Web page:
Sound familiar? It should, because that’s the basis of every other centrally planned scheme that we’ve suffered through.
To be fair to Marsh and others who support the standards, Common Core may have sounded like a good idea five years ago, perhaps even two years ago, but the actual results are now coming in and they’re all indicating the same thing: we’ve been fooled.
They sold the untested plan as a set of rigorous standards that would prepare our children for competitive colleges and challenging careers. But they’re not. They’re weaker, far weaker in fact, than other proven standards that we could have adopted.
Take mathematics, for instance. Jason Zimba, one of the primary authors of the math standards, admitted during a meeting of the Massachusetts Board of Elementary and Secondary Education in 2010 that Common Core wasn’t actually designed to prepare students for selective universities or careers in the science, technology, engineering, or mathematics fields (STEM). It’s meant to be average, or “common,” and not rigorous at all.
If your child wants to be an engineer or enter another STEM-related field, shouldn’t you be concerned that our state has imposed a substandard standard upon his school? Or maybe you agree with Marsh and wish people would just quit bothering you about this “settled” issue.
We all want the best education for our children, but conservatives should have known better.
Anything planned in secret by a small group of unelected and unaccountable liberals, that wasn’t tried and tested in any sizable district or for any serious length of time, and was imposed without thoughtful debate was sure to be chock full of unintended consequences … and even a few intended ones that wouldn’t have passed if widely known.
Now we’re nearly stuck with it, and that’s also by design.
Before, local communities could change their district’s education policies – standards, texts, tests, etc. — because we vote on a school board who controls those things.
Now, if you have a concern with these new national standards, your local school board will simply pass the buck to the state school board, who’ll then pass the buck to the U.S. Department of Education … where it’ll become forever lost in an ocean of unaccountable and unresponsive bureaucracy. Your congressman might write them a strongly worded letter, but that’s about it.
Hopefully, the buck will now stop with Sentance, and he’ll help put an end to Common Core in Alabama.
Here are six testimonies in support of SB60.
The fourth video of this Project Veritas series on Common Core shows a former executive for Houghton Mifflin Harcourt, the country’s second leading textbook publishing company, alleging that the textbook industry is more about politics and money than education. Again, Project Veritas undercover journalists used hidden video cameras to capture what text book executives would never say in public. See entire video here.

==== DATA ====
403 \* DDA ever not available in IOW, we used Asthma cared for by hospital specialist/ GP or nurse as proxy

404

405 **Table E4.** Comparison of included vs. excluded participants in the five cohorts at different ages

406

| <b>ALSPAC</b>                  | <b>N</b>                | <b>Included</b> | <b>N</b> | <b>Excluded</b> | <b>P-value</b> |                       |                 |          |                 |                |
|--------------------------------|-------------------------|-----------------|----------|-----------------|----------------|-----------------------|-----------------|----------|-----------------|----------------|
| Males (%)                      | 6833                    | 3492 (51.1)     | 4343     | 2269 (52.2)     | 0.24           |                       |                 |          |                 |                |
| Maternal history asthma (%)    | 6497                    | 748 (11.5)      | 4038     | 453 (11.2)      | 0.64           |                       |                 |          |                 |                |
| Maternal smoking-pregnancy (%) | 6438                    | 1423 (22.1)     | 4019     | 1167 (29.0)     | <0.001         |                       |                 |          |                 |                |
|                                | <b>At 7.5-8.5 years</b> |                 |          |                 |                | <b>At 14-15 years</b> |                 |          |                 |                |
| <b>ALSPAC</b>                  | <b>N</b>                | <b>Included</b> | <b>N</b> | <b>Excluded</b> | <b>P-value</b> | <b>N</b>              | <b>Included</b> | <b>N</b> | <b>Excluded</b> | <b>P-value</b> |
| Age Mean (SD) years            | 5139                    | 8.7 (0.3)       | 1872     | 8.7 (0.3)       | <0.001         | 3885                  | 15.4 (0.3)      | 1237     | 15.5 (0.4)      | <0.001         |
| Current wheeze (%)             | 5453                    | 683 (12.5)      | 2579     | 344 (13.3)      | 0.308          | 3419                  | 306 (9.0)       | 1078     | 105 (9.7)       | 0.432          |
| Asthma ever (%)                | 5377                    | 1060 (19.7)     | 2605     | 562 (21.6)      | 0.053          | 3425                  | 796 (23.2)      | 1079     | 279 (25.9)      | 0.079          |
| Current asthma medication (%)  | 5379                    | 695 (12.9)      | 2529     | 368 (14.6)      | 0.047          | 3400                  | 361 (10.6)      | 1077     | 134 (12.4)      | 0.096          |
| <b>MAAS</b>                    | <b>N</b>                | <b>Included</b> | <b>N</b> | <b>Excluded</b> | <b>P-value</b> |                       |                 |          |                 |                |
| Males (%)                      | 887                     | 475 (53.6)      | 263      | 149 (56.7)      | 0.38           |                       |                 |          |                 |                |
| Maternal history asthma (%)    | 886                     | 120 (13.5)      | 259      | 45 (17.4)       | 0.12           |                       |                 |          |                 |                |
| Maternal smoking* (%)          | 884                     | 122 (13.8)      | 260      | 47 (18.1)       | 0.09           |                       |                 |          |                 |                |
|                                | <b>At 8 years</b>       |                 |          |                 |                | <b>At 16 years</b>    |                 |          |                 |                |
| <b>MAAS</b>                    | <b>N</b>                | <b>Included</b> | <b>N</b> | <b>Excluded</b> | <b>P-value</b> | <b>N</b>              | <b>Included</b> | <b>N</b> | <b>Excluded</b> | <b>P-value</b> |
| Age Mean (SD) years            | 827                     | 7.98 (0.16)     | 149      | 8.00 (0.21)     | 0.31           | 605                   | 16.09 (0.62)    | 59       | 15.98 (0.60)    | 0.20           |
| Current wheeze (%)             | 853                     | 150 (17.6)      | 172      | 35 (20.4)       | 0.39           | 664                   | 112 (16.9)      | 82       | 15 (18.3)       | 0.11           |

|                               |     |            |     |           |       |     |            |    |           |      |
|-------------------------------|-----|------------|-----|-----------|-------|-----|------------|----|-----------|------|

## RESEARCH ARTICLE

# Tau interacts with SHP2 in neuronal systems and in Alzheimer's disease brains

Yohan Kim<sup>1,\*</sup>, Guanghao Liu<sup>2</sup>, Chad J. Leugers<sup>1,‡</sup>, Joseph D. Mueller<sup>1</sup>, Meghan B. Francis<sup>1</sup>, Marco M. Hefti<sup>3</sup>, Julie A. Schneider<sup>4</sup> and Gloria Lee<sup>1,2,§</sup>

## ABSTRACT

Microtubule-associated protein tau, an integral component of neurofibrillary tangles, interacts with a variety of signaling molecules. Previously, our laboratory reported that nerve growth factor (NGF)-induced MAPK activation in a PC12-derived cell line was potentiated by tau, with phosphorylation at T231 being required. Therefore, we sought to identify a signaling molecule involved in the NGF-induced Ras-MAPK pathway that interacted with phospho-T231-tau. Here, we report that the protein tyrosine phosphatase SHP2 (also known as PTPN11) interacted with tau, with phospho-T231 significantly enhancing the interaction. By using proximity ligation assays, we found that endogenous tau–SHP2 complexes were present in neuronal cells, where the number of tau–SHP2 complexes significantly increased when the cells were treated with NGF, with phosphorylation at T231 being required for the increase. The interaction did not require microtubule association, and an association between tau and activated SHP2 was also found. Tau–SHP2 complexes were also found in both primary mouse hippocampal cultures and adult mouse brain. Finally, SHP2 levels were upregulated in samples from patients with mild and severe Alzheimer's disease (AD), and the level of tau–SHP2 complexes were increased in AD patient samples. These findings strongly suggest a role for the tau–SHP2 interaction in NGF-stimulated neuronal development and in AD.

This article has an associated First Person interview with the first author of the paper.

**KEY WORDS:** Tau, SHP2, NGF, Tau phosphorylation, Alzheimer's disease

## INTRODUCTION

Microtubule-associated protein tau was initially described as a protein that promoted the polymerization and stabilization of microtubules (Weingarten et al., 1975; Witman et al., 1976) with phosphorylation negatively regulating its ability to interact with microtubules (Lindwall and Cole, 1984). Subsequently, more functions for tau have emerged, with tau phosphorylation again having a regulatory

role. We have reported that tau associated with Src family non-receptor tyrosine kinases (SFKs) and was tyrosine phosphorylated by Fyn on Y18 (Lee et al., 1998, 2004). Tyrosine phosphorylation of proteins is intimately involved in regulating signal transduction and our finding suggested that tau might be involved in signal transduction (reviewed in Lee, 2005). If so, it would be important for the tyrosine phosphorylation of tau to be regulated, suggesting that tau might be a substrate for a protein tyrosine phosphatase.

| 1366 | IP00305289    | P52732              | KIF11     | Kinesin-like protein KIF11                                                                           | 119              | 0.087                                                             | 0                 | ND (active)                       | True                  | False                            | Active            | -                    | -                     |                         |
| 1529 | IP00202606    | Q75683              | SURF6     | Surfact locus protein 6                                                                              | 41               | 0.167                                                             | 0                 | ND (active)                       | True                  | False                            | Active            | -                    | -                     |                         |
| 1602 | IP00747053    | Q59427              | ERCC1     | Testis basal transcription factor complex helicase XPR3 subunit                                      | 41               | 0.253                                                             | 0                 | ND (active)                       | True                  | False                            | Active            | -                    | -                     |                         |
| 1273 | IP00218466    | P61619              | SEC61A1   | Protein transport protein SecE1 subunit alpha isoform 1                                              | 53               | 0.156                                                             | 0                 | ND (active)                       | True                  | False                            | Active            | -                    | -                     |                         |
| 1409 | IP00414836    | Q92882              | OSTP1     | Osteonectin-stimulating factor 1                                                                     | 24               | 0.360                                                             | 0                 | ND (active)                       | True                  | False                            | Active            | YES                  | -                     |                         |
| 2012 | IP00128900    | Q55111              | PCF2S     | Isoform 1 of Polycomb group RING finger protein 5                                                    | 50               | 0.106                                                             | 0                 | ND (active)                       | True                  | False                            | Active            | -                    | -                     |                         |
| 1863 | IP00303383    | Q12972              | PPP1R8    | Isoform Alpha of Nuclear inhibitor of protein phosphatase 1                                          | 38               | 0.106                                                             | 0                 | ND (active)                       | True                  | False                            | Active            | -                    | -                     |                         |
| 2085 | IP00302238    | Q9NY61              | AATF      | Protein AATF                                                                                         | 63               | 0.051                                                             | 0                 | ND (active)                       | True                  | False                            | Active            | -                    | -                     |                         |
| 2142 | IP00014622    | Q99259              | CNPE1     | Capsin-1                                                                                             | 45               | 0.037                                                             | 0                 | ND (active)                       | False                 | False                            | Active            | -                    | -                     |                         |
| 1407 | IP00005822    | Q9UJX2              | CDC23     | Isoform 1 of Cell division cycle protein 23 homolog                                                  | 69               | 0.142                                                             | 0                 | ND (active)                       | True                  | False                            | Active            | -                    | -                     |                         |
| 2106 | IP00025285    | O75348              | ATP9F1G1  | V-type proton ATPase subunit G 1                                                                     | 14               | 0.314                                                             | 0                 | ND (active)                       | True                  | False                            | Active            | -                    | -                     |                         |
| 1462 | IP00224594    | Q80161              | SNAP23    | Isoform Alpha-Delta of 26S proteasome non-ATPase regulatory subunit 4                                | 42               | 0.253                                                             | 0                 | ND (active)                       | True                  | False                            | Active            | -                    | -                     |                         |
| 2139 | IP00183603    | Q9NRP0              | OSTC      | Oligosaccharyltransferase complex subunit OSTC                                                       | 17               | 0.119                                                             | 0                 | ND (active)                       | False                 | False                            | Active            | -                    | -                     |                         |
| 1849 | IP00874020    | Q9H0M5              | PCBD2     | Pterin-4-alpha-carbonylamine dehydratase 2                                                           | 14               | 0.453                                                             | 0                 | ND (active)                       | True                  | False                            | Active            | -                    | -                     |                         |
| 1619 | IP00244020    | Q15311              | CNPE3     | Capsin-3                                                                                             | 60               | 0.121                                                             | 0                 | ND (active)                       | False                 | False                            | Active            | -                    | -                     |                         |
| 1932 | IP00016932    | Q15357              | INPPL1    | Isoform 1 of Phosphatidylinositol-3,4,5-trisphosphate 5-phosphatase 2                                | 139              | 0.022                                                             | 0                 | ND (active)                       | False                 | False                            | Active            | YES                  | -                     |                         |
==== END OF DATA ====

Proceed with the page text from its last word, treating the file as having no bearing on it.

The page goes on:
The third video of this Project Veritas series on Common Core shows a former executive for Pearson, the country’s leading textbook publishing company, admitting that elements of Common Core intentionally push elitist indoctrination upon students.
In James O’Keefe’s latest video, Kimberly Koerber, a former executive for Pearson who now works for National Geographic, was caught on camera justifying the Common Core curriculum on the grounds of anti-American and unconstitutional values. See video here.
This second video of this series shows an account executive at Houghton-Mifflin Harcourt, the country’s second leading textbook publishing company and profiteer of Common Core, admitting that Common Core is never about the kids.
“It’s never about the kids,” is how Houghton-Mifflin Harcourt Strategic Account Manager Amelia Petties reveals how the textbook industry prioritizes profits over students, echoing the comments of her colleague Dianne Barrow who was featured in the first Project Veritas Common Core video of this series. Barrow’s employment with Houghton-Mifflin was terminated at the time of the release of that video. See entire video here.
Open Letter to ALABAMA LEGISLATORS
From: Eunie Smith, President
Leslie Whitcomb, Education Chairman
Sadly, the latest NAEP results place Alabama dead last on Math and English, a significant decline from where we were before Common Core when Alabama had been trending upward. The 2011 Alabama State Department of Education document here touted:
“In 2011 Alabama moved from near last to 25th in the nation in overall grades and scores [Education Week assessment] … 12th in the nation for standards, assessments and accountability… data from the National Assessment of Educational Progress (NAEP) showed a historic gain of eight points in fourth grade Reading for Alabama public school students – the … highest gain ever in NAEP recorded history. Since then, Alabama has maintained its progress in NAEP assessments.” But that was before common core implementation in 2012 in Math and 2013 in English. See graphs and charts below.
According to PARCA,
“The National Assessment of Education Progress (NAEP) is a battery of tests given every two years
to a representative sample of students in all 50 states. The test is designed to serve as a national scorecard, allowing comparison of educational performance across the states.
The 2015 results are out. They’re disappointing for the nation at large, and for Alabama, in particular.
In 2015, Alabama’s average math score, in both 4th and 8th grade, was the lowest of any state.Between 2013 and 2015, Alabama’s average score declined in both grades.